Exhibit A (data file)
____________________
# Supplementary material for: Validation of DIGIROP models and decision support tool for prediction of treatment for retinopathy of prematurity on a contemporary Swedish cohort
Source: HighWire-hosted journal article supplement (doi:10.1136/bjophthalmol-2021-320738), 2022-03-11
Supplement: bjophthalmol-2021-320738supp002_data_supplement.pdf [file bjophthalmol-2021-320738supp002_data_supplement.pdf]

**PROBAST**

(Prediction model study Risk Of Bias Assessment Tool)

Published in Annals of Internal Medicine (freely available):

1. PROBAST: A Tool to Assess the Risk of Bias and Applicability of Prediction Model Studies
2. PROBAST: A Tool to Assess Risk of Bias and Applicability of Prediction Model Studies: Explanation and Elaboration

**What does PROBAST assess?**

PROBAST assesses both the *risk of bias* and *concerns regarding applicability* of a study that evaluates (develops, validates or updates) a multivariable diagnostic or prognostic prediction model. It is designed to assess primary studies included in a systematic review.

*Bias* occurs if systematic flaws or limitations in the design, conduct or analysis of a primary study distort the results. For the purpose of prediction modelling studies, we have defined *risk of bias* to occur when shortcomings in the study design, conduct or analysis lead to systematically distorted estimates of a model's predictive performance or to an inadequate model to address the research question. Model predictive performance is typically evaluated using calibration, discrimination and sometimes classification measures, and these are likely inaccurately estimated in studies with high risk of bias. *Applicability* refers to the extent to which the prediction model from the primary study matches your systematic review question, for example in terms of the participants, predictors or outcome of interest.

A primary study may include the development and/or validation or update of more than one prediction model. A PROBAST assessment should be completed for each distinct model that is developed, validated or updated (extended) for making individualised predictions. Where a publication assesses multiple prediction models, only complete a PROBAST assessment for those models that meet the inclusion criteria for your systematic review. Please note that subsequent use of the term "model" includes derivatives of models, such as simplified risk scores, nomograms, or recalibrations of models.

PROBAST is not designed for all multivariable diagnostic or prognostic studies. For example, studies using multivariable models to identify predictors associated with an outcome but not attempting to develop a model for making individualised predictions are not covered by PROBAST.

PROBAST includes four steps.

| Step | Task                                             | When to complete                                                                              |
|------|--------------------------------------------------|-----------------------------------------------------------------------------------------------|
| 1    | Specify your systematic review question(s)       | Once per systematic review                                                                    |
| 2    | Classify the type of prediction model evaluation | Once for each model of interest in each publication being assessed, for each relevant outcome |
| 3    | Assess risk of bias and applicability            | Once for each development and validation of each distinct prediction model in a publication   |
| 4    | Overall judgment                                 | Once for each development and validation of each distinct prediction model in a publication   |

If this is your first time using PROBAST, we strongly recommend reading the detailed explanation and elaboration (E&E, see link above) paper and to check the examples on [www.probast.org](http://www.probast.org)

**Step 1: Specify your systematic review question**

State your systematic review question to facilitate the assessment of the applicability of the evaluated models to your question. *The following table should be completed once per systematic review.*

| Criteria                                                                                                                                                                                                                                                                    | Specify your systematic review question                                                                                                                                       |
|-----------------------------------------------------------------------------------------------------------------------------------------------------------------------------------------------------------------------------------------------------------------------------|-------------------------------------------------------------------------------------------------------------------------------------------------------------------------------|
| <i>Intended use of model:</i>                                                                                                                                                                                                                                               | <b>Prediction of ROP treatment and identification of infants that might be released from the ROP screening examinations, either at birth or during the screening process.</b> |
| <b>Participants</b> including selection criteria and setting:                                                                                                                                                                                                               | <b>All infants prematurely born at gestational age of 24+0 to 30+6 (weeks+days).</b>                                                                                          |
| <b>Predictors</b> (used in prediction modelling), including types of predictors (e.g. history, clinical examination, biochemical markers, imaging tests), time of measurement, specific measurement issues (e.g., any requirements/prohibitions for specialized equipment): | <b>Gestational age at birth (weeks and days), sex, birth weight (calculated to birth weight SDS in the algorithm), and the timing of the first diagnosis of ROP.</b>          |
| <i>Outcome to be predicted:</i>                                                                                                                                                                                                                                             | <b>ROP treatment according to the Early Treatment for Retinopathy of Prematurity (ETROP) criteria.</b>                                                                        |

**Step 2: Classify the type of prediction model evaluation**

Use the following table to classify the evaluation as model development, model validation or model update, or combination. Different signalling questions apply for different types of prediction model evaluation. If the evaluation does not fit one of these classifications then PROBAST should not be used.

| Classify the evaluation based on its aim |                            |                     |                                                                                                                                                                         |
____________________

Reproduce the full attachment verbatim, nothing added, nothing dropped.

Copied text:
# Supplementary material for: Validation of DIGIROP models and decision support tool for prediction of treatment for retinopathy of prematurity on a contemporary Swedish cohort
Source: HighWire-hosted journal article supplement (doi:10.1136/bjophthalmol-2021-320738), 2022-03-11
Supplement: bjophthalmol-2021-320738supp002_data_supplement.pdf [file bjophthalmol-2021-320738supp002_data_supplement.pdf]

**PROBAST**

(Prediction model study Risk Of Bias Assessment Tool)

Published in Annals of Internal Medicine (freely available):

1. PROBAST: A Tool to Assess the Risk of Bias and Applicability of Prediction Model Studies
2. PROBAST: A Tool to Assess Risk of Bias and Applicability of Prediction Model Studies: Explanation and Elaboration

**What does PROBAST assess?**

PROBAST assesses both the *risk of bias* and *concerns regarding applicability* of a study that evaluates (develops, validates or updates) a multivariable diagnostic or prognostic prediction model. It is designed to assess primary studies included in a systematic review.

*Bias* occurs if systematic flaws or limitations in the design, conduct or analysis of a primary study distort the results. For the purpose of prediction modelling studies, we have defined *risk of bias* to occur when shortcomings in the study design, conduct or analysis lead to systematically distorted estimates of a model's predictive performance or to an inadequate model to address the research question. Model predictive performance is typically evaluated using calibration, discrimination and sometimes classification measures, and these are likely inaccurately estimated in studies with high risk of bias. *Applicability* refers to the extent to which the prediction model from the primary study matches your systematic review question, for example in terms of the participants, predictors or outcome of interest.

A primary study may include the development and/or validation or update of more than one prediction model. A PROBAST assessment should be completed for each distinct model that is developed, validated or updated (extended) for making individualised predictions. Where a publication assesses multiple prediction models, only complete a PROBAST assessment for those models that meet the inclusion criteria for your systematic review. Please note that subsequent use of the term "model" includes derivatives of models, such as simplified risk scores, nomograms, or recalibrations of models.

PROBAST is not designed for all multivariable diagnostic or prognostic studies. For example, studies using multivariable models to identify predictors associated with an outcome but not attempting to develop a model for making individualised predictions are not covered by PROBAST.

PROBAST includes four steps.

| Step | Task                                             | When to complete                                                                              |
|------|--------------------------------------------------|-----------------------------------------------------------------------------------------------|
| 1    | Specify your systematic review question(s)       | Once per systematic review                                                                    |
| 2    | Classify the type of prediction model evaluation | Once for each model of interest in each publication being assessed, for each relevant outcome |
| 3    | Assess risk of bias and applicability            | Once for each development and validation of each distinct prediction model in a publication   |
| 4    | Overall judgment                                 | Once for each development and validation of each distinct prediction model in a publication   |

If this is your first time using PROBAST, we strongly recommend reading the detailed explanation and elaboration (E&E, see link above) paper and to check the examples on [www.probast.org](http://www.probast.org)

**Step 1: Specify your systematic review question**

State your systematic review question to facilitate the assessment of the applicability of the evaluated models to your question. *The following table should be completed once per systematic review.*

| Criteria                                                                                                                                                                                                                                                                    | Specify your systematic review question                                                                                                                                       |
|-----------------------------------------------------------------------------------------------------------------------------------------------------------------------------------------------------------------------------------------------------------------------------|-------------------------------------------------------------------------------------------------------------------------------------------------------------------------------|
| <i>Intended use of model:</i>                                                                                                                                                                                                                                               | <b>Prediction of ROP treatment and identification of infants that might be released from the ROP screening examinations, either at birth or during the screening process.</b> |
| <b>Participants</b> including selection criteria and setting:                                                                                                                                                                                                               | <b>All infants prematurely born at gestational age of 24+0 to 30+6 (weeks+days).</b>                                                                                          |
| <b>Predictors</b> (used in prediction modelling), including types of predictors (e.g. history, clinical examination, biochemical markers, imaging tests), time of measurement, specific measurement issues (e.g., any requirements/prohibitions for specialized equipment): | <b>Gestational age at birth (weeks and days), sex, birth weight (calculated to birth weight SDS in the algorithm), and the timing of the first diagnosis of ROP.</b>          |
| <i>Outcome to be predicted:</i>                                                                                                                                                                                                                                             | <b>ROP treatment according to the Early Treatment for Retinopathy of Prematurity (ETROP) criteria.</b>                                                                        |

**Step 2: Classify the type of prediction model evaluation**

Use the following table to classify the evaluation as model development, model validation or model update, or combination. Different signalling questions apply for different types of prediction model evaluation. If the evaluation does not fit one of these classifications then PROBAST should not be used.

| Classify the evaluation based on its aim |                            |                     |                                                                                                                                                                         |